Once upon a time (in
the early mid-1800's) Baltimore, Maryland was the third largest city in the United States
and had some mighty fine needlewomen in the population. Many of these women were active in
the Methodist church and two of them, Mary Evans Ford and Achsah Goodwin Wilkins, were the
best stitchers of the lot. Today we aren't quite sure just how it came about, but these
women (and probably many others, especially in their church group, made some of the most
spectacular applique quilts the world had ever seen.
quilts were based on block designs, but not patchwork -- they were appliqued with many,
many tiny pieces of new fabrics to form flowers, leaves, fruit, cornucopia, elaborately
twined baskets and other symbols of goodwill, joy and fertility. Sometimes boats, local
emblems and symbols of Baltimore political or social significance were included.
"Special" -- they might be gifts for a bride (or a groom) or a gift to the
minister or the minister's wife from the church, the mayor from the town or a favorite
teacher at school on retirement. Album quilts might not all be as elegant as the
Baltimores, but they were an honor to receive and may be seen today sin museums in
categories such as: Presentation Quilts, Bride Quilts, Groom Quilts. Some were used in a
way not seen these days, they were called "death quilts". One described in Quilts
in America, Patsy and Myron Orlofsky, (pg. 246) is called a "Death Watch
Quilt" as it was made by the family members of Eli Lilly, who sat by his death bed as
a memorial and included Eli Lilly's signature by the lyre on the quilt!
quilts also happened to be about the best way to show off the incredible needlework skills
of some of these women, too! Due to the extra fine fabrics used (which were bought to make
the quilts which were not made of scrap fabrics) and to the fact that they were recognized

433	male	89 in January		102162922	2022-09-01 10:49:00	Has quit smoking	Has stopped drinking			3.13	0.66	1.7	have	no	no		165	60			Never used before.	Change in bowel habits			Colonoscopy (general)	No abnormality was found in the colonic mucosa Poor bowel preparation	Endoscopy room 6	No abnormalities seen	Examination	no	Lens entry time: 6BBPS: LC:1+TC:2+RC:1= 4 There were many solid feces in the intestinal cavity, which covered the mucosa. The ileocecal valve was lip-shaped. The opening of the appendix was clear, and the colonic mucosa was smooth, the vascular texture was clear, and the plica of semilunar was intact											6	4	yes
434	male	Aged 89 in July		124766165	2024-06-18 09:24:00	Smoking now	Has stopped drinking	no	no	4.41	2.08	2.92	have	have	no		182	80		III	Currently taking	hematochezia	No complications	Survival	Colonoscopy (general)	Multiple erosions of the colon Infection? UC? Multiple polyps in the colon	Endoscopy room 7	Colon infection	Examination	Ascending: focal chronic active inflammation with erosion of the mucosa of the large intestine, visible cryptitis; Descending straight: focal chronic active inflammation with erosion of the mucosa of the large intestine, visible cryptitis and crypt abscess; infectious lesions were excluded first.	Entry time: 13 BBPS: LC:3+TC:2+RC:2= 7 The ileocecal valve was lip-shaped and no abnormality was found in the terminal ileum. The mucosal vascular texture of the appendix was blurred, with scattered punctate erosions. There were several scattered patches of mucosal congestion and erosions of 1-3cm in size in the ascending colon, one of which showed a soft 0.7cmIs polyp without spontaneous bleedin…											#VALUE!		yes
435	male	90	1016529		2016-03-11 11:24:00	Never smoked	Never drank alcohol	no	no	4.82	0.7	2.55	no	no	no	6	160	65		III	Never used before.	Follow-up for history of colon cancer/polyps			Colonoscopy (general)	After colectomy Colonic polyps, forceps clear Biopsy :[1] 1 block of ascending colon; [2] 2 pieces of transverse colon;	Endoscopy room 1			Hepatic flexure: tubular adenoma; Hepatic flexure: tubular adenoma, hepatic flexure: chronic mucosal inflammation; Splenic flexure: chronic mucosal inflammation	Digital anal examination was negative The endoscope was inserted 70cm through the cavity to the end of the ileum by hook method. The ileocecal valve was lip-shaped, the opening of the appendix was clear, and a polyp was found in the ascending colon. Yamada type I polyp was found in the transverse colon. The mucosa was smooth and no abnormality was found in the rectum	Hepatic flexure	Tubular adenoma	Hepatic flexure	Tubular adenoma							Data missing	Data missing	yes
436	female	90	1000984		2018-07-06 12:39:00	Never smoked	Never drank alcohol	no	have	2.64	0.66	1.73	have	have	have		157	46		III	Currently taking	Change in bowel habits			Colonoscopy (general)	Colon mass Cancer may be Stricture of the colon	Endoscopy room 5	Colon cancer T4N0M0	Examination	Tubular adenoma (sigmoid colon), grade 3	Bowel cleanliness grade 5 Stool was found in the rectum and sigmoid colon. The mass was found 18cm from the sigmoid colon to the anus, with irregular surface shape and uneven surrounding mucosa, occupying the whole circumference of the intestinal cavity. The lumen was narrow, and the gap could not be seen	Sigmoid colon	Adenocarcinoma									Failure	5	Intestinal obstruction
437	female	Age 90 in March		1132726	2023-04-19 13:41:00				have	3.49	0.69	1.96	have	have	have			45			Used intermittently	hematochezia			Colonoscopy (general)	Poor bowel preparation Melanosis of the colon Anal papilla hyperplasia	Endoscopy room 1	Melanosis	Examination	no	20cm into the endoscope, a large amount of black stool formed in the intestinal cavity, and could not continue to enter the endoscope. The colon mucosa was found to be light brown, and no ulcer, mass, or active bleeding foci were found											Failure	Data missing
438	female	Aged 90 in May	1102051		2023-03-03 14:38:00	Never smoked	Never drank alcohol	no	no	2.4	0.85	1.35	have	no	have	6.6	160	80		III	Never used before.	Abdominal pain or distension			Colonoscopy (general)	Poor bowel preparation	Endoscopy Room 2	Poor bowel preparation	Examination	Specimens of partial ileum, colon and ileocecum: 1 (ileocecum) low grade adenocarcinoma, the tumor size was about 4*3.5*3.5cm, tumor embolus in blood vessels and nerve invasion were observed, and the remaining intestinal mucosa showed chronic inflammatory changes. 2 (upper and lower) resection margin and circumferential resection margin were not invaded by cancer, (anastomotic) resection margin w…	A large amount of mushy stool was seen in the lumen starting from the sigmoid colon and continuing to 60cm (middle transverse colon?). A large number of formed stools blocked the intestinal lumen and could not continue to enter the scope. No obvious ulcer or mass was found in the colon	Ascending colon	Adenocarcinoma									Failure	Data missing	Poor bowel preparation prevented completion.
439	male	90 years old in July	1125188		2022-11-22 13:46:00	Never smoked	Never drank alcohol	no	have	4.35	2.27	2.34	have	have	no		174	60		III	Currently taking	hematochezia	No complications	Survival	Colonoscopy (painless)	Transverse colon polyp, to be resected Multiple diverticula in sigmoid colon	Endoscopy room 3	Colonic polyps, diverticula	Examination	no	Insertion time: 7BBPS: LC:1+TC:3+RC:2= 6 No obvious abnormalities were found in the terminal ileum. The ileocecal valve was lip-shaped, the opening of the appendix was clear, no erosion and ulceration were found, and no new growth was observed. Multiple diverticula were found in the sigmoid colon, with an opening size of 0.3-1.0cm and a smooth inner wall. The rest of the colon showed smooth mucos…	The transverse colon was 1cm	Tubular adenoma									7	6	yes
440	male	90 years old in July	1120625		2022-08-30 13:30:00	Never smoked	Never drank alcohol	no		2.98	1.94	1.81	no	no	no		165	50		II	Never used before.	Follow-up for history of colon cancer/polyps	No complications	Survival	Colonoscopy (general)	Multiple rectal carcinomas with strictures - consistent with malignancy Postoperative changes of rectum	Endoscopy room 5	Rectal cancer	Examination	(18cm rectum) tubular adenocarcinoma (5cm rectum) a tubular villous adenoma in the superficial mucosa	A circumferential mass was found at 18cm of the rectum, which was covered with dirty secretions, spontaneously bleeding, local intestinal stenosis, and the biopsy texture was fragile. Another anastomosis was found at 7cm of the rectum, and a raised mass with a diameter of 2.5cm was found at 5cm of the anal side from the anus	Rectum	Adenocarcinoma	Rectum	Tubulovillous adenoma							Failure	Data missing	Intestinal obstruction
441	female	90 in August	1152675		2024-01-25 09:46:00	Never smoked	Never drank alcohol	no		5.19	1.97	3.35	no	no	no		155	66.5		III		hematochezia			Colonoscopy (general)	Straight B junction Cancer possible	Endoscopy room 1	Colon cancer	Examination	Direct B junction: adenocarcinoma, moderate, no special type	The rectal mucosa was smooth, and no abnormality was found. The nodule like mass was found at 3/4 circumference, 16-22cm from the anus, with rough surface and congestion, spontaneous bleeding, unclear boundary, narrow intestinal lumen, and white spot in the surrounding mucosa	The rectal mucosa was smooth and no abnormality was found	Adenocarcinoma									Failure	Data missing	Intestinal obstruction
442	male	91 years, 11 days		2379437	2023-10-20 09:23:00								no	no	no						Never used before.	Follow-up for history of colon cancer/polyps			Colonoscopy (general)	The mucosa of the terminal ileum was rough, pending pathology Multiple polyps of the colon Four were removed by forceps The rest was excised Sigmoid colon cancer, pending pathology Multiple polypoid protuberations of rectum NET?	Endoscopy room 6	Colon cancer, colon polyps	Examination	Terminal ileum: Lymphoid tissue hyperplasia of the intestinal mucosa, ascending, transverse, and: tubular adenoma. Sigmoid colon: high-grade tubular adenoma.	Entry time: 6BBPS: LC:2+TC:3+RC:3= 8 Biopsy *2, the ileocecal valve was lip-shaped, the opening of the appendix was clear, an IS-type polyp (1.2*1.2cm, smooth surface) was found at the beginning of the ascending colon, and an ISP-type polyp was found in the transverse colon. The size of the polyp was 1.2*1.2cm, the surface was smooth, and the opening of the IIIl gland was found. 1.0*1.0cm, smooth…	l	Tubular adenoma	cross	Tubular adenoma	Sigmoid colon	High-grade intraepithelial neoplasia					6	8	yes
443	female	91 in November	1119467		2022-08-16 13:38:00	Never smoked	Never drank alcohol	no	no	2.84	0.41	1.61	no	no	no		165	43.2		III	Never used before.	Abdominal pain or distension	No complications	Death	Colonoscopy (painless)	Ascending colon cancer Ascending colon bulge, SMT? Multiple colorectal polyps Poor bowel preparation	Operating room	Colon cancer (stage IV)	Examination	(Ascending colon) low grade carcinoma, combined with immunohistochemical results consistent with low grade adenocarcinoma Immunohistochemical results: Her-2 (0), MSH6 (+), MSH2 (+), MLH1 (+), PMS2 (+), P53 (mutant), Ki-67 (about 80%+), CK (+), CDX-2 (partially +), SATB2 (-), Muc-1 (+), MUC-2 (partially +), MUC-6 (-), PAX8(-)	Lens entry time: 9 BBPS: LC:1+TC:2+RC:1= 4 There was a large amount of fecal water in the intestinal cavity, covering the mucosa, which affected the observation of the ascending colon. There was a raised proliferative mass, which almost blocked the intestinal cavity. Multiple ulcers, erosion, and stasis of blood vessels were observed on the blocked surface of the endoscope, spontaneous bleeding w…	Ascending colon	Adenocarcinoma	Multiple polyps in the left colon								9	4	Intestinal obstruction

as treasures for a family to have the quilts have been very well preserved. During the
"quilt revival" since the 1970's quilters all over the world have been inspired
by these quilts and many books and courses have been written and offered. The maven of
Baltimore Quilts is Elly Sienkiewicz who has an Applique Academy
in Annapolis, MD. Elly has authored a wide range of books on how to make Baltimore Quilts
and the techniques of floral embroidery used to embellish them.
I have a
theory which I've not heard anyone ever mention, but I'd be interested if any readers can
confirm it: the mid-1800's were the period of much missionary activity in the South
Pacific and, when I visited the area a few years ago, I became aware of how much the
Methodists were the missionaries on many of the islands (Fiji, Tahiti, Hawaii etc.). My
idea is that the incredible Hawaiian and Tahitian quilts were inspired by the same source
as the Baltimore Album quilts - and the idea spread by the Methodist women. I wouldn't be
surprised if some Baltimore Methodists were missionaries there?
If you want to see
antique Baltimore Albums in museums you will most collections of quilts will have one or
more, even collections in England and Germany. But, if you want to see new applique quilts